These two characteristics, the concern for practical applications of his philosophy and the use of reason to supplant theological directives, distinguished Socrates. His was an attempt to teach people how to better define the highest good, how to attain justice, and therefore how to attain happiness both individually and socially.
This essay will examine Socrates' notions of a highest good and justice, his linking of the individual and society through an integrated philosophical approach, and the implications of different choices regarding public administration and public order.
As a preliminary matter, it is important to note that Socrates' teachings were most directed at the individual. The highest good, therefore, was a condition that each individual was capable of attaining; however, this highest good could only be known through reason and a knowledge of one's self. Socrates equated this highest good with knowledge and happiness. Significantly, though, he went to great lengths to distinguish true happiness from illusory pursuits of happiness. He did this by drawing distinctions between absolute levels of ignorance and fancy ideals of true knowledge. These distinctions, often grounded in Socrates' claims that he knew nothing, provided the intellectual framework for subsequently exploring ultimate questions of goodness, justice, and proper forms of public administration. In effect, he tore down common assumptions, challenged certain modes of thinking, and in the process attempted to redefine both the proper focus and method of philosophical inquiry as well as the practical application of philosophy to man's life and to social affairs.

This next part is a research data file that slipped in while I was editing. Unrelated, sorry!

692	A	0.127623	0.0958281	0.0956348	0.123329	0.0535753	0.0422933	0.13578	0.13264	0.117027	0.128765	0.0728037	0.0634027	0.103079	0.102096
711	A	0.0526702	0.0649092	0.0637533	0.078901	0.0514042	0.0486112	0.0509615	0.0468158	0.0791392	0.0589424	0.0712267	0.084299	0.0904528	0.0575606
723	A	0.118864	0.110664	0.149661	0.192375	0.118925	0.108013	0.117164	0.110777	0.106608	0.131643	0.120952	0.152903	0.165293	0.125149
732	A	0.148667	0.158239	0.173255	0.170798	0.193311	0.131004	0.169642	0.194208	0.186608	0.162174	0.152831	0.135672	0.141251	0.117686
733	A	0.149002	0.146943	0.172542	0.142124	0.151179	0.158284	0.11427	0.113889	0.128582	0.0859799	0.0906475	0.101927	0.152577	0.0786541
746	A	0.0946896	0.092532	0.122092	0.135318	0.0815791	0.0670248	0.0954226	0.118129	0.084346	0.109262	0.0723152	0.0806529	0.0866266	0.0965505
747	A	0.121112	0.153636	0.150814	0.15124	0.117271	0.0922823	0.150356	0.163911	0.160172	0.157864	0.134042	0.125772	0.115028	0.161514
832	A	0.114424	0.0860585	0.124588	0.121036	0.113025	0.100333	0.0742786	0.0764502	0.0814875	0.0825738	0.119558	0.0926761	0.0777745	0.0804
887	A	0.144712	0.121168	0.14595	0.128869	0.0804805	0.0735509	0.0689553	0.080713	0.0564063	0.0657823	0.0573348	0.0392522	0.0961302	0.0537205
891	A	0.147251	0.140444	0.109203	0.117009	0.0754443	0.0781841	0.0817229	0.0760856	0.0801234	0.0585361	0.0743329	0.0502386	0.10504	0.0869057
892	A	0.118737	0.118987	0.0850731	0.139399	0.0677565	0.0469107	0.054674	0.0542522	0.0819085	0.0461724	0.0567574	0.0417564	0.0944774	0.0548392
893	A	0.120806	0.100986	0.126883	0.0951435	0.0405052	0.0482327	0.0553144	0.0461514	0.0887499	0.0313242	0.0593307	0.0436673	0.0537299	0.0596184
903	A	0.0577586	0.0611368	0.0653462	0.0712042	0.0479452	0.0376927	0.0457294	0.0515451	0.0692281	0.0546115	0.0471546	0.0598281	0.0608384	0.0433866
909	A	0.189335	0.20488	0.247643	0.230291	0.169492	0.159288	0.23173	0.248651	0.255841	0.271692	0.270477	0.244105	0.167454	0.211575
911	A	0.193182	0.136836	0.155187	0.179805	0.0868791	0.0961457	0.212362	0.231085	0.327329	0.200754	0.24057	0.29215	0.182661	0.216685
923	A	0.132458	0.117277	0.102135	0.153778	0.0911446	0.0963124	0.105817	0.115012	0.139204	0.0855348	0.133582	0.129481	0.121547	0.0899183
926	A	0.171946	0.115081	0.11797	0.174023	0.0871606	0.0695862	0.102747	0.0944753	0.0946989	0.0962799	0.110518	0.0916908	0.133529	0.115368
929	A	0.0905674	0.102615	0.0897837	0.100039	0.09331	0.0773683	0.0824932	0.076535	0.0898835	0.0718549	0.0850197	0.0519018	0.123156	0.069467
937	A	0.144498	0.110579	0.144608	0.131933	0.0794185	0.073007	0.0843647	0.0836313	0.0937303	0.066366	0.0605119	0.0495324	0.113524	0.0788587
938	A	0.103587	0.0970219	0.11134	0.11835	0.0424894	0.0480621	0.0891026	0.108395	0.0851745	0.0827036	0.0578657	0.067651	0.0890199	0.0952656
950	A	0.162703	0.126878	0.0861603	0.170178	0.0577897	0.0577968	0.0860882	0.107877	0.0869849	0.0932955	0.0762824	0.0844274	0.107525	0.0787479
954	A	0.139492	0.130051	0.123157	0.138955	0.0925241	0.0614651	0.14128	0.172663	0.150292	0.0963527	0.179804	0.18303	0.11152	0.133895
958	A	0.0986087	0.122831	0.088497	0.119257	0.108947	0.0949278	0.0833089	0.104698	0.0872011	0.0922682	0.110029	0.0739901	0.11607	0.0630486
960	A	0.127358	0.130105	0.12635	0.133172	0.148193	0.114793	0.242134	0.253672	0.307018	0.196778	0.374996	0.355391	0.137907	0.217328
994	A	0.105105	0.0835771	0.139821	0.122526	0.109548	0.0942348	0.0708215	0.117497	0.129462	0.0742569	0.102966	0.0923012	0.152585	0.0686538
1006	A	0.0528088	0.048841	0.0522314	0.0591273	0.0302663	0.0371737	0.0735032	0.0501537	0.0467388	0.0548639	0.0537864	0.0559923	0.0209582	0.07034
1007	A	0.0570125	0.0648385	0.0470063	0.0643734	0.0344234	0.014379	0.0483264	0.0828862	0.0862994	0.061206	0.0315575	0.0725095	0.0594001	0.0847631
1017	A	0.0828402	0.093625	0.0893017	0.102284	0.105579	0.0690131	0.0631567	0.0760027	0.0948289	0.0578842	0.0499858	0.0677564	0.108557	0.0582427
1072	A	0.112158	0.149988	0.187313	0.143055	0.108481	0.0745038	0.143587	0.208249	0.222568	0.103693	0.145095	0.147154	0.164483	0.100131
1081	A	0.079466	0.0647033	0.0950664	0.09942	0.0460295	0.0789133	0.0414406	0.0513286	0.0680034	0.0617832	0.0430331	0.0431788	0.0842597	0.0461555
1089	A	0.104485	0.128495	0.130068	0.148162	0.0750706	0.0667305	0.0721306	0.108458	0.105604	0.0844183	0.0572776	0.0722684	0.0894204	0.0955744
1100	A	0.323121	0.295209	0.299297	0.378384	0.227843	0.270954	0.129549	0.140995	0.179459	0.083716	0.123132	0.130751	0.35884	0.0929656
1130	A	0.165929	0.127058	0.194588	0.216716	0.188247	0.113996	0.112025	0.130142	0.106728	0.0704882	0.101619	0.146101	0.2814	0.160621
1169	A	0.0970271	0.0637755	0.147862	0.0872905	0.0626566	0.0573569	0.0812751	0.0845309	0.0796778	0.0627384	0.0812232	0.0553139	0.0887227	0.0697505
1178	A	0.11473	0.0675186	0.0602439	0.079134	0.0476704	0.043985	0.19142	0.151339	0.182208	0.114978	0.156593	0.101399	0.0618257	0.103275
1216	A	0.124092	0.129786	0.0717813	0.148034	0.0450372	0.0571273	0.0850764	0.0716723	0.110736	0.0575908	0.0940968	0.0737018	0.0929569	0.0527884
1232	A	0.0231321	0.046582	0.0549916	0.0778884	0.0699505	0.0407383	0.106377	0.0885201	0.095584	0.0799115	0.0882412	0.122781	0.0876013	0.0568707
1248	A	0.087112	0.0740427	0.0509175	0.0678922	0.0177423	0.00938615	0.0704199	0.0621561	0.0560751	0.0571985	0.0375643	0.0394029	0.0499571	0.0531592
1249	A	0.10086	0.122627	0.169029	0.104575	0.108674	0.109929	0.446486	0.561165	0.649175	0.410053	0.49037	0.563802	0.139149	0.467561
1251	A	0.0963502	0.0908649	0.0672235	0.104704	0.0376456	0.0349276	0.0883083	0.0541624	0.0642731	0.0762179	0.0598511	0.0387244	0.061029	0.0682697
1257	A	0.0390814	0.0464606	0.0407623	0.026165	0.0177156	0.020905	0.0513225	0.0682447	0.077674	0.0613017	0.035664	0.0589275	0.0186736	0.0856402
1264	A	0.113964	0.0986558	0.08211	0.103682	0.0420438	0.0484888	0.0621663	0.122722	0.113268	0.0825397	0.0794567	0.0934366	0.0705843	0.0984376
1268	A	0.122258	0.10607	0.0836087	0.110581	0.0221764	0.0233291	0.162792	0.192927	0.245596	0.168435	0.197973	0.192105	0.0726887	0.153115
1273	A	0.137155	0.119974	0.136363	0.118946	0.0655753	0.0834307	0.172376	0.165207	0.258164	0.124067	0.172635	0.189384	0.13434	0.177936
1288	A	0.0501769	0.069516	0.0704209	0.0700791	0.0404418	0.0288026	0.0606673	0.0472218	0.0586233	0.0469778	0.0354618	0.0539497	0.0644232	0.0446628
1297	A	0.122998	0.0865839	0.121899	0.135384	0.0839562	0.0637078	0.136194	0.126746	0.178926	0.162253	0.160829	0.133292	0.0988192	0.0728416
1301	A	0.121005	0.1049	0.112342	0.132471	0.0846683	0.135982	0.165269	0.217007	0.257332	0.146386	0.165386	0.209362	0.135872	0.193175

Central to man's pursuit of happiness was the intellectual process by which he confronted choices and made decisions. In many ways, Socrates reduced the highest good to a decision-making process in which a noble existence was chosen rather than succumbing to false inducements often coloured with pleasure. He believed in a form of objective happiness, linking it ultimately to justice, "I think justice belongs in the best class of good, that which should be loved for its own sake and for the sake of its consequences by anyone who is going to be blessed" (358a1-3). Here in this passage, Socrates refers to a best good; the implication is that there are degrees of goodness and that a highest good is the ideal. Further, he refers to justice as one part of this best class of good; the other parts are an objective state of happiness, an honest and objective knowledge of one's self, and an ability to know what is necessary and unnecessary. An individual that knows his limits is far wiser and more virtuous than a man that pursues goals beyond his means or in contravention of his own objective happiness.
In short, the highest good is an objective happiness attained through the philosophical process of reason. Knowledge is crucial to this inquiry, and both the highest good and justice are dependent on Socrates' philosophical approach.
Relationship of Highest Good to Justice
Socrates' belief in a highest good, while a reasoning process that was focused on the individual, was also used to discuss larger issues of social organization and policy. This expansion into the realm